He related a story from some years after WWII when the federal government commissioned a study into how technological advanced Nazi Germany's military-industrial complex was going into the war. It turned out, my companion said, that the state of metallurgy employed by the Mercedes and Auto-Union Grand Prix teams was woefully inadequate in structural strength compared to modern times.

"Knowing that in hindsight," my momentary companion commented. "It's incredible to think about the bravery and skill those guys had driving those cars, bouncing them across cobblestones and off curbs. Those guys were tremendously skilled, but very brave too."

When it crackles to life, the W154's engine emits a raucous, staccato-charged shriek unlike anything we hear today. We got a taste of the engine's piercing howl at Lime Rock but the fuel mixture didn't permit Murray to get seriously into the power band so we were denied the full earful provided back in the late thirties by von Brauchitsch, Carraciola, Lang and their teammates. Still, it was a rare treat.

Test driver Gert Staub, who first drove the car at Lime Rock, is a fourth generation Daimler-Benz engineer. Staub's father was Wolfgang von Trips's co-driver and navigator on the 1955 Mille Miglia aboard a Mercedes Benz 300SLR. So the only men to have driven this car are von Brauchitsch, the Romanian who owned the cars for so many years, Gert Staub and Murray Smith.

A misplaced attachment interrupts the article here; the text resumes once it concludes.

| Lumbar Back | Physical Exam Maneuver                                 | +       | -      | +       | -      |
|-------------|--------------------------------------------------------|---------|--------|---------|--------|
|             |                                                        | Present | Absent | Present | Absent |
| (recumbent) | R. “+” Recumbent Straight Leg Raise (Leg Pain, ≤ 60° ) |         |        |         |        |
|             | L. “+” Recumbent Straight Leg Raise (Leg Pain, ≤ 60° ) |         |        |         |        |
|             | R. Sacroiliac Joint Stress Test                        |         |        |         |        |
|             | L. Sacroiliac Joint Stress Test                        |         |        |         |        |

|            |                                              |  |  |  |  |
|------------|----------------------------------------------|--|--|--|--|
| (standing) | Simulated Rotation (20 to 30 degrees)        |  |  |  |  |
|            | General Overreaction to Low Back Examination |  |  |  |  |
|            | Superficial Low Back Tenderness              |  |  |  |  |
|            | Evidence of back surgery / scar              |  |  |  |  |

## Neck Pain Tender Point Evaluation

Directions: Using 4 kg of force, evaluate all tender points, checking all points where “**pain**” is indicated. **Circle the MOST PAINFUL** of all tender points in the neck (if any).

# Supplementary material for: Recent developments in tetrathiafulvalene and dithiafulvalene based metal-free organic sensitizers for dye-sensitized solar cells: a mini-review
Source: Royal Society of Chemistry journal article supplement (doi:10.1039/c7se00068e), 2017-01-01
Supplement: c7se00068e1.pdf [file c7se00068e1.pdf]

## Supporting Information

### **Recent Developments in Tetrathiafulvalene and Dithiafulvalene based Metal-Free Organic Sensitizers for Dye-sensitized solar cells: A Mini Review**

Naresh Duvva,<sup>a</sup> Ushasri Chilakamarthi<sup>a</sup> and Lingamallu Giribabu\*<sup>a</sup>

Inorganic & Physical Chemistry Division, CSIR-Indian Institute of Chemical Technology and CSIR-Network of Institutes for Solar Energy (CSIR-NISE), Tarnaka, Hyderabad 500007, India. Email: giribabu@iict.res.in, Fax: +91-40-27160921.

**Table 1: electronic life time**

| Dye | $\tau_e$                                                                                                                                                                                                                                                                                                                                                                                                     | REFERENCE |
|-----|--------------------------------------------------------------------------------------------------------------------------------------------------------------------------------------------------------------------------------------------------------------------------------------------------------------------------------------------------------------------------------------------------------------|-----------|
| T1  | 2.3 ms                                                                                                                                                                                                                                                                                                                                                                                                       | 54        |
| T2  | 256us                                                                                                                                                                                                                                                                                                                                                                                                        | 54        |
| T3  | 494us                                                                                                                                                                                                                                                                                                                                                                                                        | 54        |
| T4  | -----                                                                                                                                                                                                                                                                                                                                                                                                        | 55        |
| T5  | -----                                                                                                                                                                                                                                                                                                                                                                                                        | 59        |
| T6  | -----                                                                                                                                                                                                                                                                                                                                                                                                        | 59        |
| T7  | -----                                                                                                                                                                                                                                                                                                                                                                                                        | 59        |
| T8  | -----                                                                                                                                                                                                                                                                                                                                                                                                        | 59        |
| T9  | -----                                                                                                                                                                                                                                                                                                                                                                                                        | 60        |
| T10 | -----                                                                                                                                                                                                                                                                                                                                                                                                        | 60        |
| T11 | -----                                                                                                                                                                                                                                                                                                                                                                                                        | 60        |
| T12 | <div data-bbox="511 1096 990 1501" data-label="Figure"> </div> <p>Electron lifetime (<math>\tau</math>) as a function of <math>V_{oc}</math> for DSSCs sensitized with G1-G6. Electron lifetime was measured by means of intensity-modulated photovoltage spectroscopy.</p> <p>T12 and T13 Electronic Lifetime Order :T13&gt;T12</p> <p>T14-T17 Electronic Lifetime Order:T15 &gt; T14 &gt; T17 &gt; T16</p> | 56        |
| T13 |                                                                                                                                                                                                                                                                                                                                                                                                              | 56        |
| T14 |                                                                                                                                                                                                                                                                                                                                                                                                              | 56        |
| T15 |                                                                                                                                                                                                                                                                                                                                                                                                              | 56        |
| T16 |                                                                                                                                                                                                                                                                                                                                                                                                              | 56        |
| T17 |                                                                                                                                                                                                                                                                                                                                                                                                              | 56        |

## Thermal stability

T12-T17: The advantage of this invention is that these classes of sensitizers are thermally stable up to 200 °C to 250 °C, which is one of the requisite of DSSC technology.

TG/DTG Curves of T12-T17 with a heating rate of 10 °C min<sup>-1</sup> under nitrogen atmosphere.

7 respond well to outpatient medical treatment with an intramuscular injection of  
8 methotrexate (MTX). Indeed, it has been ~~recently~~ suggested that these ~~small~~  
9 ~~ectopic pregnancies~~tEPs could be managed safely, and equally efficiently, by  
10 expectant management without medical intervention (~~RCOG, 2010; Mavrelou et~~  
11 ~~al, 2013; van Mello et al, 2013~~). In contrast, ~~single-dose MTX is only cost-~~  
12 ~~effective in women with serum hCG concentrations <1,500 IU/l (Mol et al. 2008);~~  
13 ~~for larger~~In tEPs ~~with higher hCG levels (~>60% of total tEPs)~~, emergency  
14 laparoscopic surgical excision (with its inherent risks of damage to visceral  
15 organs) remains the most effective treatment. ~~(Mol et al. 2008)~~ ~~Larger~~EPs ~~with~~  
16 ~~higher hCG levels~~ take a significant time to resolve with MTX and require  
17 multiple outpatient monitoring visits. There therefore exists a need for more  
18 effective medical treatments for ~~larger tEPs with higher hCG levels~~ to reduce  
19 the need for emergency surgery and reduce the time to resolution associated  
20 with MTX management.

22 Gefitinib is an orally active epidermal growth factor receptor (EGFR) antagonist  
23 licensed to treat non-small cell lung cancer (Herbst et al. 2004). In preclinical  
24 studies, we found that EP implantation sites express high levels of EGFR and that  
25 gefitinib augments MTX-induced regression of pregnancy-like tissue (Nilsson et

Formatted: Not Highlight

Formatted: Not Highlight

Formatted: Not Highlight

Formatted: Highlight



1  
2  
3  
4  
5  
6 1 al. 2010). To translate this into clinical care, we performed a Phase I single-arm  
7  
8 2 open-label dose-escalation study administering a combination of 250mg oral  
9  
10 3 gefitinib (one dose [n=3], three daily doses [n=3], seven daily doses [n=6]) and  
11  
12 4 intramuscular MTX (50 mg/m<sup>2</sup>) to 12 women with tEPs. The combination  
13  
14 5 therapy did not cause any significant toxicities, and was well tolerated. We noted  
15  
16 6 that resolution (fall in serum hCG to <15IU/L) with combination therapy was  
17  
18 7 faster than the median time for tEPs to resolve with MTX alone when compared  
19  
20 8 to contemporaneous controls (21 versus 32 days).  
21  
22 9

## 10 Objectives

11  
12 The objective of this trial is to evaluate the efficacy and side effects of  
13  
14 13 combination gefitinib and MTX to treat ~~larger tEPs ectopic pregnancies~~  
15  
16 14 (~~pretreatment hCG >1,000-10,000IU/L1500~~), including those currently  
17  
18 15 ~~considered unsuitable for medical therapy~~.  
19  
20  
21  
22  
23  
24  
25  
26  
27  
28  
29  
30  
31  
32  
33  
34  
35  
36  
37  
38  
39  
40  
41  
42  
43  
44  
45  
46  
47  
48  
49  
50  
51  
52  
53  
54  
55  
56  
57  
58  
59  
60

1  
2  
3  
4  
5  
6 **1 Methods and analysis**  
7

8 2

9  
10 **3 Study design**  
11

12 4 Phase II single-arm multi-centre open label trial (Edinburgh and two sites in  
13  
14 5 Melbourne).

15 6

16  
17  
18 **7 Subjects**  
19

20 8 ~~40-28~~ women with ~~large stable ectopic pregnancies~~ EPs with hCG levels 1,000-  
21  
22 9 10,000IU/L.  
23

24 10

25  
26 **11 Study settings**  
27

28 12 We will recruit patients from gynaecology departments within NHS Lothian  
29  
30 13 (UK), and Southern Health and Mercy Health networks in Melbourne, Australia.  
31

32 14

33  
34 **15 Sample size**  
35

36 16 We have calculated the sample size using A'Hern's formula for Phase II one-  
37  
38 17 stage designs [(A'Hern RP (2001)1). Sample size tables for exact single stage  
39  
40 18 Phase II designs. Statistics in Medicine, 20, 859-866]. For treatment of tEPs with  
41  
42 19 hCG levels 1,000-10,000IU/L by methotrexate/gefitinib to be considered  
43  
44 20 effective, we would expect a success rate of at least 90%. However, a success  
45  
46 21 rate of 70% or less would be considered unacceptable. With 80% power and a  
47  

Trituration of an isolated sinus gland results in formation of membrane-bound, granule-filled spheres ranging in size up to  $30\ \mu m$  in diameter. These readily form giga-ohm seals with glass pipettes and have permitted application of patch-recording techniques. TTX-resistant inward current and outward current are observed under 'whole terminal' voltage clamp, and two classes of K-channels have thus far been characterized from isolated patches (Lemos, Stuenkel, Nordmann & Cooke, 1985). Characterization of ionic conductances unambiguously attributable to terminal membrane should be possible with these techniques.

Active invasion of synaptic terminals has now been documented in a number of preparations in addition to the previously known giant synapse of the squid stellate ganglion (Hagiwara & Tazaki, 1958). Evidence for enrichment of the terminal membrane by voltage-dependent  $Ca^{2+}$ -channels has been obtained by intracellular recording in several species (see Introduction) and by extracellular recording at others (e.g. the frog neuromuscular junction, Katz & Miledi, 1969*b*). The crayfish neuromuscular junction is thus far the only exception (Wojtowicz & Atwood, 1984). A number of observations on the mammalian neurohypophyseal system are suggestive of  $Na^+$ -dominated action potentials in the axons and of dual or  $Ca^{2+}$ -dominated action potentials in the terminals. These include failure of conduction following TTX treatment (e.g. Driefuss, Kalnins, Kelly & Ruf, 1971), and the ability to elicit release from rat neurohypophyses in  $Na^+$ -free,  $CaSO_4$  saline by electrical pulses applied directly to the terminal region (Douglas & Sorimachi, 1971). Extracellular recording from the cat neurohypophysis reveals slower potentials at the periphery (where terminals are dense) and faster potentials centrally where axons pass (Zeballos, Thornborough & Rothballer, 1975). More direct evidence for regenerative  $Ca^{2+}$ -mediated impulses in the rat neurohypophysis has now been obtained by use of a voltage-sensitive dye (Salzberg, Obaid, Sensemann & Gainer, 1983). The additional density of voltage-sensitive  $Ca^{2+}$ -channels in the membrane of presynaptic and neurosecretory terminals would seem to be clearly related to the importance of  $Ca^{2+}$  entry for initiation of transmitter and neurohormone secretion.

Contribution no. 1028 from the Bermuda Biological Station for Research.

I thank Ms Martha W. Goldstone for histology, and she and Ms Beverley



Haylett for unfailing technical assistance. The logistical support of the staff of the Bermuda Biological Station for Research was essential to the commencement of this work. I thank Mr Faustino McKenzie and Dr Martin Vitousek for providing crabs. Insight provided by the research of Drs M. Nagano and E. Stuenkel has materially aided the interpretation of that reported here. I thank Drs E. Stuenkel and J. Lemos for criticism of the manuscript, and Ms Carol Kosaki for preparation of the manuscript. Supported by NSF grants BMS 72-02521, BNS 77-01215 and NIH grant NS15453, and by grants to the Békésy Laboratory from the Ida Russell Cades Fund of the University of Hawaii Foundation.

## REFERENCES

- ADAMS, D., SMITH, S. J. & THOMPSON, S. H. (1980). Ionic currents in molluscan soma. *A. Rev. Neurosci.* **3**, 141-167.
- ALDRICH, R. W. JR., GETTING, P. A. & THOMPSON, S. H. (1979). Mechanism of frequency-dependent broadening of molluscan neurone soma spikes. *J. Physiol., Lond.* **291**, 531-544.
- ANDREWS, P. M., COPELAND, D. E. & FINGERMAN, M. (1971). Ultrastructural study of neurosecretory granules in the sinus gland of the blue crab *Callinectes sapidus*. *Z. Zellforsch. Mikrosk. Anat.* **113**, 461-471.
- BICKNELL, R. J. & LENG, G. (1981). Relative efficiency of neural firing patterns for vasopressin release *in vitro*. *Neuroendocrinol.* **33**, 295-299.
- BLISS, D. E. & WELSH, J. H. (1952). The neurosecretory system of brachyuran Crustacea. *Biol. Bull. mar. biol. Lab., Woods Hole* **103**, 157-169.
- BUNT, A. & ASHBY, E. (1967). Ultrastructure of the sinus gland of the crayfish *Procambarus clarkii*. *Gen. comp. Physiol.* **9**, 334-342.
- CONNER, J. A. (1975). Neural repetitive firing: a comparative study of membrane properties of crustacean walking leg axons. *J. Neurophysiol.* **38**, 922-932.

"It was quite something when I realized I was only the fourth person to drive that car since it was built," Smith grinned. "It's really fantastic. What an amazing car. The noise and the smell from inside the cockpit is unbelievable and as Dick Crosthwaite said, 'Imagine five of these on the grid with four Auto-Unions and you're sitting in an ERA ready to try to do battle with them!' This was an experience I'll never forget."

Nor will any of us who watched and heard this remarkable car and engine run at Lime Rock on Labor Day weekend. Many thanks to everyone at the Collier Collection for making our day.

Auto Racing ~ Gordon Kirby
Copyright 2009 ~ All Rights Reserved